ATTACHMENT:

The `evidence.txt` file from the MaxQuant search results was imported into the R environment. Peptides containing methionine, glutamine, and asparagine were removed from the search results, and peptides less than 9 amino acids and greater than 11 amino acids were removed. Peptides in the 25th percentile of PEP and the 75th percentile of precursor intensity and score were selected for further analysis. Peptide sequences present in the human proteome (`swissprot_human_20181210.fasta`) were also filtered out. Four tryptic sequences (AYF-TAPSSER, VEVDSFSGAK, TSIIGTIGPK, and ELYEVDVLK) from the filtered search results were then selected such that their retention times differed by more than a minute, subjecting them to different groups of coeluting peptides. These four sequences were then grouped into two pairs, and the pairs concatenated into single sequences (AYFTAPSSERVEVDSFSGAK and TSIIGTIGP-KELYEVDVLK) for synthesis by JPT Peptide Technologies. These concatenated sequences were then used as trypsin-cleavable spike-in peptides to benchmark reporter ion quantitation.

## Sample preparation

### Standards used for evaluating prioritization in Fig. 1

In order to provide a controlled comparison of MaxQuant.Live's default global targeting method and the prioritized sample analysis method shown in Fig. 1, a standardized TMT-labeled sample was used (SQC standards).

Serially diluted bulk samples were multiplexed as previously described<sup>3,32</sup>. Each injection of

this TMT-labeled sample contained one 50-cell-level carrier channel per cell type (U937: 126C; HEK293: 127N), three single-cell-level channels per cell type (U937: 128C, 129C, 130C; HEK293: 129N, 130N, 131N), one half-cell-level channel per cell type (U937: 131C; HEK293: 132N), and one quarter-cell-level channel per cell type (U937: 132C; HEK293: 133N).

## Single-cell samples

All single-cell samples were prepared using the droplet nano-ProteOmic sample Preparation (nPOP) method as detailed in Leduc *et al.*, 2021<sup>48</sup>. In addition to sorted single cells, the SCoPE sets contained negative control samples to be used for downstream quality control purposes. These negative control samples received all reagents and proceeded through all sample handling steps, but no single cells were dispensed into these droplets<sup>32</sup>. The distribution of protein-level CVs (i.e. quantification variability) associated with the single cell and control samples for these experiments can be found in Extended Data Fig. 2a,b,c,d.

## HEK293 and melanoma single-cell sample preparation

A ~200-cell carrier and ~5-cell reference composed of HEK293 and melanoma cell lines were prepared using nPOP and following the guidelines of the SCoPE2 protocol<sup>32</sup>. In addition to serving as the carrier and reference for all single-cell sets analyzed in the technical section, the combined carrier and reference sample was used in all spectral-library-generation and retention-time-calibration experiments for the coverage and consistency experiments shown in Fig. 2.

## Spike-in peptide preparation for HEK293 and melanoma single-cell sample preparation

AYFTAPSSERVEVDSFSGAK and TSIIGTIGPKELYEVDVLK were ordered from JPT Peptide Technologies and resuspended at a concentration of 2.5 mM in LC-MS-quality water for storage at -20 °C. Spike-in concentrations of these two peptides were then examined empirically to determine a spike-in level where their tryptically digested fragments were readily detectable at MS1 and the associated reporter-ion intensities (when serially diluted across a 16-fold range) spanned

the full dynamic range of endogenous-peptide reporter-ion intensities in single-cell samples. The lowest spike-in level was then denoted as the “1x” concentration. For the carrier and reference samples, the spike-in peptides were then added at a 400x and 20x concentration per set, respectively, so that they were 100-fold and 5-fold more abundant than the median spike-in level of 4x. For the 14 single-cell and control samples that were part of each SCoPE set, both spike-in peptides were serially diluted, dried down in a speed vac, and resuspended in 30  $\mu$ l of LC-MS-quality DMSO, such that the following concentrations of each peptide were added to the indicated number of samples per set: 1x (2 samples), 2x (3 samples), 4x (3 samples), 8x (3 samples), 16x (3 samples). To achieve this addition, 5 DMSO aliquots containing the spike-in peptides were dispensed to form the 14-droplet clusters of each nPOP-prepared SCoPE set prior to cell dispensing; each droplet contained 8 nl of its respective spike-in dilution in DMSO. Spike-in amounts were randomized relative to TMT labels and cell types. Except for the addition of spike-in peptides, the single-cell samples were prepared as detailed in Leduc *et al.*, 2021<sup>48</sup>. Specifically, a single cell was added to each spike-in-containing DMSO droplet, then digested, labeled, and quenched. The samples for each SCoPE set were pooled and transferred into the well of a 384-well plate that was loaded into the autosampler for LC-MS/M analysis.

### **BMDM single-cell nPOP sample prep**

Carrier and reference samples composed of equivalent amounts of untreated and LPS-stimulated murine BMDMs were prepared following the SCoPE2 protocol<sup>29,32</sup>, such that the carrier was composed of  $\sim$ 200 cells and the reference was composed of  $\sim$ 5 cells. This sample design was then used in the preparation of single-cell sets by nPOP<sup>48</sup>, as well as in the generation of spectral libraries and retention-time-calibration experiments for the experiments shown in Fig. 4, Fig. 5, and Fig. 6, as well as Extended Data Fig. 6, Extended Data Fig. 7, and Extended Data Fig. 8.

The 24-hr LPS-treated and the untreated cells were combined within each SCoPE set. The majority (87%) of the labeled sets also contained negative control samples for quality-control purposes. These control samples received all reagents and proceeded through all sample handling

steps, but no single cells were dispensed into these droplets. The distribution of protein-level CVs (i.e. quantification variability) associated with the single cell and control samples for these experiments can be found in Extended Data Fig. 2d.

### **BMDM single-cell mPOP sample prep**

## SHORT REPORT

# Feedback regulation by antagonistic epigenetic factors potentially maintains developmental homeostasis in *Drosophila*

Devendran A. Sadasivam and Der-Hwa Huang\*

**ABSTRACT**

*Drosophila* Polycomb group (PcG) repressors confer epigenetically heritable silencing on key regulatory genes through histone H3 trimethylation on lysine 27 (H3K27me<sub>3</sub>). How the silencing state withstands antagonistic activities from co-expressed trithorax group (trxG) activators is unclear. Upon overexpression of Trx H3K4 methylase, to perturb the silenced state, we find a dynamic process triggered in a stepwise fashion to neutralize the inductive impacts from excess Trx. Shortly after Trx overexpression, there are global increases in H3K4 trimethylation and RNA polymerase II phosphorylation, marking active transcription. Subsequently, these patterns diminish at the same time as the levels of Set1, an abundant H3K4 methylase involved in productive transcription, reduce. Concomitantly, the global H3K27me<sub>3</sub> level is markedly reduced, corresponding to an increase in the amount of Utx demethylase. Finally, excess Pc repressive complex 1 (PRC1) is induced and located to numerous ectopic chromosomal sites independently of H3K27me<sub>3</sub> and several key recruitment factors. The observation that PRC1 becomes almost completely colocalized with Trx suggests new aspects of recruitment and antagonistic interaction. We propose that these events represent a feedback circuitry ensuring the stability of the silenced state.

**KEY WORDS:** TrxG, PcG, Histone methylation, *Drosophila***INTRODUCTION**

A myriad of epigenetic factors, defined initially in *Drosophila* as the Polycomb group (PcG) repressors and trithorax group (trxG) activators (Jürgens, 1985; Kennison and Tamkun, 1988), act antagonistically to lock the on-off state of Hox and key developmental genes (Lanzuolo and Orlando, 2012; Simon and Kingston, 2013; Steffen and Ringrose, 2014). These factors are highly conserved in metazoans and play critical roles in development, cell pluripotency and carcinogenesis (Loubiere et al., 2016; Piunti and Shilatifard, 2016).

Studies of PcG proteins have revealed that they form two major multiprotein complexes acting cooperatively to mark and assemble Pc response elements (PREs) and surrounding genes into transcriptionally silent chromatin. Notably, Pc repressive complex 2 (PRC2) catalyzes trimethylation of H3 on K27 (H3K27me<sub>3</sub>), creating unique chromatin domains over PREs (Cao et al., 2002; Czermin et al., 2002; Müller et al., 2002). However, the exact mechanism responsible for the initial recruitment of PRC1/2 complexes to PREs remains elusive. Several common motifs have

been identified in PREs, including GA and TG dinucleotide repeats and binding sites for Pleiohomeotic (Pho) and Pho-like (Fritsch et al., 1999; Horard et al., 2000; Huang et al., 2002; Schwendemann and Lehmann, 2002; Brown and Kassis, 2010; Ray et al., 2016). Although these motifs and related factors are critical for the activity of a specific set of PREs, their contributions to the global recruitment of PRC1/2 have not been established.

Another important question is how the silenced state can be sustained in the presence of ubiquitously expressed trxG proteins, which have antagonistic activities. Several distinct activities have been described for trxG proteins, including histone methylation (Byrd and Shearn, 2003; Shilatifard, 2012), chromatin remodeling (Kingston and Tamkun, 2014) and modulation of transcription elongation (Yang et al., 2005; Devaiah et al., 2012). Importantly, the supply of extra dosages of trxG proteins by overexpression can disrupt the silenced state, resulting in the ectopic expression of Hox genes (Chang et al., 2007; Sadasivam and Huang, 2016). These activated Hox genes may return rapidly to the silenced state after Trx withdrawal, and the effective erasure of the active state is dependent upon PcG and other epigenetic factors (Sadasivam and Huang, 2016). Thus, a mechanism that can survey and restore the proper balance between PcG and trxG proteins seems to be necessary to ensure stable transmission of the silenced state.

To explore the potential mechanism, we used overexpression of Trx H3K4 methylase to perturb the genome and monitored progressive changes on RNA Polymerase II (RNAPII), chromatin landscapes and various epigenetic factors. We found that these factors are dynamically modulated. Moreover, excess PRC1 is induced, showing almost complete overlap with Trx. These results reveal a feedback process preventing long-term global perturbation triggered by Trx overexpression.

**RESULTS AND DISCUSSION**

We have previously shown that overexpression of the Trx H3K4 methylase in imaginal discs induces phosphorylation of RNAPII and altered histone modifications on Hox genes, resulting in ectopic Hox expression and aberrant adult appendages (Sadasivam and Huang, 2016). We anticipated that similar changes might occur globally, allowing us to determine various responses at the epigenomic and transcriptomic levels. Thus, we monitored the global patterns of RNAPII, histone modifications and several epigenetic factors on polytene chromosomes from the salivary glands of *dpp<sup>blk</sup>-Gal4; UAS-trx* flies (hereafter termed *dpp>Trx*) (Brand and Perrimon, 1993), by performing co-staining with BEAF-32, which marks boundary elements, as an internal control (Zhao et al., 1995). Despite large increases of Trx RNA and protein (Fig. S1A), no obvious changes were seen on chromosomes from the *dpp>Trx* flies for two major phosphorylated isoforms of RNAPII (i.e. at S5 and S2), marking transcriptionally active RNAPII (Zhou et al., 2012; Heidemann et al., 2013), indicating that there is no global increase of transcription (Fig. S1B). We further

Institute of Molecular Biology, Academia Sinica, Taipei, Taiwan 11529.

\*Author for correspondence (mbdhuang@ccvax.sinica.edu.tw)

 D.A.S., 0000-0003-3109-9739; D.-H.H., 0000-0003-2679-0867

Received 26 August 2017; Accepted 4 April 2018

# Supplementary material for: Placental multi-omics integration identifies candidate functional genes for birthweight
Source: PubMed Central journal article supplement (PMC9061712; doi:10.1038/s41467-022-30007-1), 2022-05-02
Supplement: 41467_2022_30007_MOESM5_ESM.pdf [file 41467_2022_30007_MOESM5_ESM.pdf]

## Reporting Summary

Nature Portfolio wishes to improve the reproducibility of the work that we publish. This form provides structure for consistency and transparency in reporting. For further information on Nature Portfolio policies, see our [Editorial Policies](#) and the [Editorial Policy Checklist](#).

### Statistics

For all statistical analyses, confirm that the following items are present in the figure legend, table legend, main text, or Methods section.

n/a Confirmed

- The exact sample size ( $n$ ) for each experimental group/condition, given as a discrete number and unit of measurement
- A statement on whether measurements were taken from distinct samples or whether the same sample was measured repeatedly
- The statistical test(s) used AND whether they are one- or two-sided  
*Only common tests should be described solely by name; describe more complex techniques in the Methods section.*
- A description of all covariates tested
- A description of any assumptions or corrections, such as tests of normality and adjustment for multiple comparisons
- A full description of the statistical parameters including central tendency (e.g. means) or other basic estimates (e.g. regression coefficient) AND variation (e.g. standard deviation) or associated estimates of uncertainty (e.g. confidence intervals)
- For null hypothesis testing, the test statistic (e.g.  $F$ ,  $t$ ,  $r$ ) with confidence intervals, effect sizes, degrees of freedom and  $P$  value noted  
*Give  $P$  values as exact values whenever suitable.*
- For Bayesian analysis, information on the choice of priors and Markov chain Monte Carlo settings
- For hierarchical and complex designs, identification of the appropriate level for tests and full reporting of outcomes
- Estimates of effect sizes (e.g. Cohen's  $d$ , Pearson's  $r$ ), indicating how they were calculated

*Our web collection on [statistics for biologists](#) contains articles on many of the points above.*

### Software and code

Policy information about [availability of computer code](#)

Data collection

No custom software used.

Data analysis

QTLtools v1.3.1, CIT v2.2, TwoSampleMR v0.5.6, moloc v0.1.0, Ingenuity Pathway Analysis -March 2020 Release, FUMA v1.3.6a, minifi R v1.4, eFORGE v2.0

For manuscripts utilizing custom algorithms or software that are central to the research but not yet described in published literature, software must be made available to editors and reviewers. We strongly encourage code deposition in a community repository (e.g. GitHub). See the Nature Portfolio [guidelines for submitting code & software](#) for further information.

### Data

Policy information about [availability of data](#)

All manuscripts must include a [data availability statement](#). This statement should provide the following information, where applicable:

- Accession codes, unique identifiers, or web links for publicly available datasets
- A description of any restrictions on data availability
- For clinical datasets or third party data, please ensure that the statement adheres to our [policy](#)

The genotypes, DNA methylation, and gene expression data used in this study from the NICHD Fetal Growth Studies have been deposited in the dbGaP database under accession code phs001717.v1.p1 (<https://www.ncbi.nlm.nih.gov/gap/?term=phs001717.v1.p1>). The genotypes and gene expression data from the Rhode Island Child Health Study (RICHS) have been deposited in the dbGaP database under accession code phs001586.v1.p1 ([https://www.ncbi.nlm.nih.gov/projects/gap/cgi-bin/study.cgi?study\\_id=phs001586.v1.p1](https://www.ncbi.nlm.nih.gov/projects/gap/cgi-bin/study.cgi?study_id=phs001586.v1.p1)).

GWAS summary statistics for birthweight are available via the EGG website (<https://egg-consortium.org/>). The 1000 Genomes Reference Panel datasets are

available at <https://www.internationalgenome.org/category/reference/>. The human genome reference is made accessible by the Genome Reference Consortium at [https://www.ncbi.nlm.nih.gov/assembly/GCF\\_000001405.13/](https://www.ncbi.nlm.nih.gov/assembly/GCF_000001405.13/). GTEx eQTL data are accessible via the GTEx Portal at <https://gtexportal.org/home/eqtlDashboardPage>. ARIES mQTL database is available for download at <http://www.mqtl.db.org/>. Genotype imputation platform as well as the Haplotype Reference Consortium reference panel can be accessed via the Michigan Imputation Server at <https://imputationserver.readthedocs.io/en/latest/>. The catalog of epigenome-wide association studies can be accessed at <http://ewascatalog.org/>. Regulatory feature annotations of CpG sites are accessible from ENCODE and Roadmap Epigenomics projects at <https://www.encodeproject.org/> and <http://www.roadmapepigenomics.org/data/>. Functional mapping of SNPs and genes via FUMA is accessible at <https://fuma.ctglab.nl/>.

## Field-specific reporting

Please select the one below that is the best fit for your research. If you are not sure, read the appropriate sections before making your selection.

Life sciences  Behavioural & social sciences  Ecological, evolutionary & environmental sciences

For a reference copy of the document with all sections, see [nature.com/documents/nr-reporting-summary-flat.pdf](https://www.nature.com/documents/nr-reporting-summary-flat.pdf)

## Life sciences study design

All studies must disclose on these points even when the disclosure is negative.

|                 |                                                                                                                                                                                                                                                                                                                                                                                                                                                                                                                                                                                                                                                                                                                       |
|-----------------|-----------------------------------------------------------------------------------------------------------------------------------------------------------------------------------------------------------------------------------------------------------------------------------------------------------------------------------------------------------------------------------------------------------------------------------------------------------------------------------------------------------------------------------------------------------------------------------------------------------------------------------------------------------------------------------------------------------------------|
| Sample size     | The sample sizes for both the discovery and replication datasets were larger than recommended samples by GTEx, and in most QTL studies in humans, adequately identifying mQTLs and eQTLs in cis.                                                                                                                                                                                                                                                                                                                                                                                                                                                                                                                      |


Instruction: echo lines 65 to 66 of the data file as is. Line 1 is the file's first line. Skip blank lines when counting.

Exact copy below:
Policy information about [availability of data](#)

All manuscripts must include a [data availability statement](#). This statement should provide the following information, where applicable: